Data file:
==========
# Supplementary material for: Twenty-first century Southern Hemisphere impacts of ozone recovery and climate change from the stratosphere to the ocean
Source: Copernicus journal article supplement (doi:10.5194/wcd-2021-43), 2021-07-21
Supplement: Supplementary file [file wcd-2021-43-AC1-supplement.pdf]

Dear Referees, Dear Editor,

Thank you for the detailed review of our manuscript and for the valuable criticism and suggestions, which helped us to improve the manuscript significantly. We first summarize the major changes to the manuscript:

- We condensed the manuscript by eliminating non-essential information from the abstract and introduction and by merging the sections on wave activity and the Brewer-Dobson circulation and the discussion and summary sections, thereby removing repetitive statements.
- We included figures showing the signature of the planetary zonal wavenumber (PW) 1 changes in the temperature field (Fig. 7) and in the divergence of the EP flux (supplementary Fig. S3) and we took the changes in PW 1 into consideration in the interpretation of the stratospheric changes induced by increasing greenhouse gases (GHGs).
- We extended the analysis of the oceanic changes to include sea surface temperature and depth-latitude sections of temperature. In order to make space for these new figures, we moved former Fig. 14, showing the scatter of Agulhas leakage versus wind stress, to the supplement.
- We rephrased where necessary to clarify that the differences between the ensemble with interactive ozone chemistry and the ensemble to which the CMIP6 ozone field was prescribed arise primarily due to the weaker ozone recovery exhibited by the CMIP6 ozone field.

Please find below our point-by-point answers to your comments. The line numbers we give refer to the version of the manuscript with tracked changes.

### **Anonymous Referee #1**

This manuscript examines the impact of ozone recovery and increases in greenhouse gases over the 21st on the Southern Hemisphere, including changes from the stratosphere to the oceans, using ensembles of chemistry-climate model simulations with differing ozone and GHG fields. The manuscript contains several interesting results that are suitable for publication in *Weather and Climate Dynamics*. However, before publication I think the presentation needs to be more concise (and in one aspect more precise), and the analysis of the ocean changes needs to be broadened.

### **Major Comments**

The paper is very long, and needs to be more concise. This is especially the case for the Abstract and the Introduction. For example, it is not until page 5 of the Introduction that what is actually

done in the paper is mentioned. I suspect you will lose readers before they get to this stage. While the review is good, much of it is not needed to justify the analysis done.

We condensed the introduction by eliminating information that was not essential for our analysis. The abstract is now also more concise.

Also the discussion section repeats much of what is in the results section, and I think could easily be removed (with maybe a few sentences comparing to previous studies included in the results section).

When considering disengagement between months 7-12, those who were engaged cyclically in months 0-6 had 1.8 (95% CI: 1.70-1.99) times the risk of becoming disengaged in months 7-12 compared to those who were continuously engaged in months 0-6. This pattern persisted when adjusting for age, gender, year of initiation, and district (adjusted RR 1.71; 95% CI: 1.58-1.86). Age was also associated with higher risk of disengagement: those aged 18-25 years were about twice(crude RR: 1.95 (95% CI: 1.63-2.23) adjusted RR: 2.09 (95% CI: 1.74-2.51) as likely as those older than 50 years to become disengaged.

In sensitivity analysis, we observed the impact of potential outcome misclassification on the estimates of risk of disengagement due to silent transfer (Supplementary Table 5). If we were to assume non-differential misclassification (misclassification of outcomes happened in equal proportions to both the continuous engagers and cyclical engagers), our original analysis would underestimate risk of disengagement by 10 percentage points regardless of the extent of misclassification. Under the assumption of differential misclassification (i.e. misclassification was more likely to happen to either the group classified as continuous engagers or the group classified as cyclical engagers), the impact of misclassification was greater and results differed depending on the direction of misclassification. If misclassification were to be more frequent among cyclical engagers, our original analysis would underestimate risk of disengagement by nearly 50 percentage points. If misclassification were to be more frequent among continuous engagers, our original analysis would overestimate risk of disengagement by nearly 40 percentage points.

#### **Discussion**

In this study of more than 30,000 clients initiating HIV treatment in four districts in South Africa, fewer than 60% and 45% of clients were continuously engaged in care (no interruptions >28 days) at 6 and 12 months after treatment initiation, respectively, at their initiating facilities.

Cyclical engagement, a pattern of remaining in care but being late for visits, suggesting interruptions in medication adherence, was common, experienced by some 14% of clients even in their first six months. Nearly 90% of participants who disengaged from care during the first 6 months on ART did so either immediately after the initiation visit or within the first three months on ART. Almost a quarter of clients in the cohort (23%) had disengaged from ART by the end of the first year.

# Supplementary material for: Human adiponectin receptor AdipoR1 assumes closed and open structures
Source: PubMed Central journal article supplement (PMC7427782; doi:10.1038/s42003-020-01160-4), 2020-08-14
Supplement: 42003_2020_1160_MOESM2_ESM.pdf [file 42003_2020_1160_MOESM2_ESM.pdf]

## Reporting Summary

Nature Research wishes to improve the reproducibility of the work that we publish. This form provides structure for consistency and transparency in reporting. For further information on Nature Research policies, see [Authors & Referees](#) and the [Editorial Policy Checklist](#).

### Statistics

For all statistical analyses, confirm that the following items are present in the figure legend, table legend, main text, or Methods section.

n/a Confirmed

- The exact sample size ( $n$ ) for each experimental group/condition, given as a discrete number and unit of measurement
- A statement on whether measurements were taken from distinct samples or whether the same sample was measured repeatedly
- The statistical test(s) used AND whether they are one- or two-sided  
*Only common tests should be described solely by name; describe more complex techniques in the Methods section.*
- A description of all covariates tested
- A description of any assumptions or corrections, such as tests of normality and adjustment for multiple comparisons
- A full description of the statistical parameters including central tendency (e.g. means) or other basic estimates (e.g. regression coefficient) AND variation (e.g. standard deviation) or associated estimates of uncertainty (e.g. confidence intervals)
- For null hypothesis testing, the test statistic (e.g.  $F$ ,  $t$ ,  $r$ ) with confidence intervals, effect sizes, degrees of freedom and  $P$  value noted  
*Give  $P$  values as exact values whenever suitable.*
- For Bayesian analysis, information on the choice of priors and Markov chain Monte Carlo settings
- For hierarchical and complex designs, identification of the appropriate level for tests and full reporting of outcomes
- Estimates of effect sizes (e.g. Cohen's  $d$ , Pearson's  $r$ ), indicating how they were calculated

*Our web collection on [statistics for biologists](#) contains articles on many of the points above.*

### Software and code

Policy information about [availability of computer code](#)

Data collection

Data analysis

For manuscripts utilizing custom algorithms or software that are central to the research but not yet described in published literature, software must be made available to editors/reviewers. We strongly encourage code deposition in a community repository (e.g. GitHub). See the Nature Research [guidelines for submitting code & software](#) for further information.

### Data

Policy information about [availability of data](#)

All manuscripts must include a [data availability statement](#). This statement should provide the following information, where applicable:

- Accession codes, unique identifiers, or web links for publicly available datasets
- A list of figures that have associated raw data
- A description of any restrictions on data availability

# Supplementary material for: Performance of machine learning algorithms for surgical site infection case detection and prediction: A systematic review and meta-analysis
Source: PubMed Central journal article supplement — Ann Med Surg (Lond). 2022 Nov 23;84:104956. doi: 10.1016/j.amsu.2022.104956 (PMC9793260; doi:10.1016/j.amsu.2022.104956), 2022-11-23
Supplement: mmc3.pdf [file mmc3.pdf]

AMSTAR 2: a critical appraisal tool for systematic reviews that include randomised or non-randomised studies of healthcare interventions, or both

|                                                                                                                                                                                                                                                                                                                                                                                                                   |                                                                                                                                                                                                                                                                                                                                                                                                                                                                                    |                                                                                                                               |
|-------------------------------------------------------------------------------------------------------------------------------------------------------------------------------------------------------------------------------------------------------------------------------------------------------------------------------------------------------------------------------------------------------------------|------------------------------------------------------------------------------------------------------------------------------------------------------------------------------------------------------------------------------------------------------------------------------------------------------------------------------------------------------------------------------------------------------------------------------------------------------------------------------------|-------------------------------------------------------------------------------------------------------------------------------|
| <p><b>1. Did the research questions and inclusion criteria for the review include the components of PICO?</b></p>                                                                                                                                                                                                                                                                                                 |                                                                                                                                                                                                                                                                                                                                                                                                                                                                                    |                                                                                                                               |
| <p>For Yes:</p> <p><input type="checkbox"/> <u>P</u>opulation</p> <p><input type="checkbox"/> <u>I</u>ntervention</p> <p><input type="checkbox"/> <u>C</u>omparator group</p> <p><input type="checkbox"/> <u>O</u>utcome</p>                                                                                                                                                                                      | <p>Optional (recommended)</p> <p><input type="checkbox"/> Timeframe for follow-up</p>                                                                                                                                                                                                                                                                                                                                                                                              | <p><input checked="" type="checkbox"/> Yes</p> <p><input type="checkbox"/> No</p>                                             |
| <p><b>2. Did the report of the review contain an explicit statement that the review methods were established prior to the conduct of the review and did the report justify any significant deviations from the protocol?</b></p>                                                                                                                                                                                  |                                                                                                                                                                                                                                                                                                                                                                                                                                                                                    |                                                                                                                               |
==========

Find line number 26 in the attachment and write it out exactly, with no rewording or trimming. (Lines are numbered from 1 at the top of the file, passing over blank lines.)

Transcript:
## Reporting Summary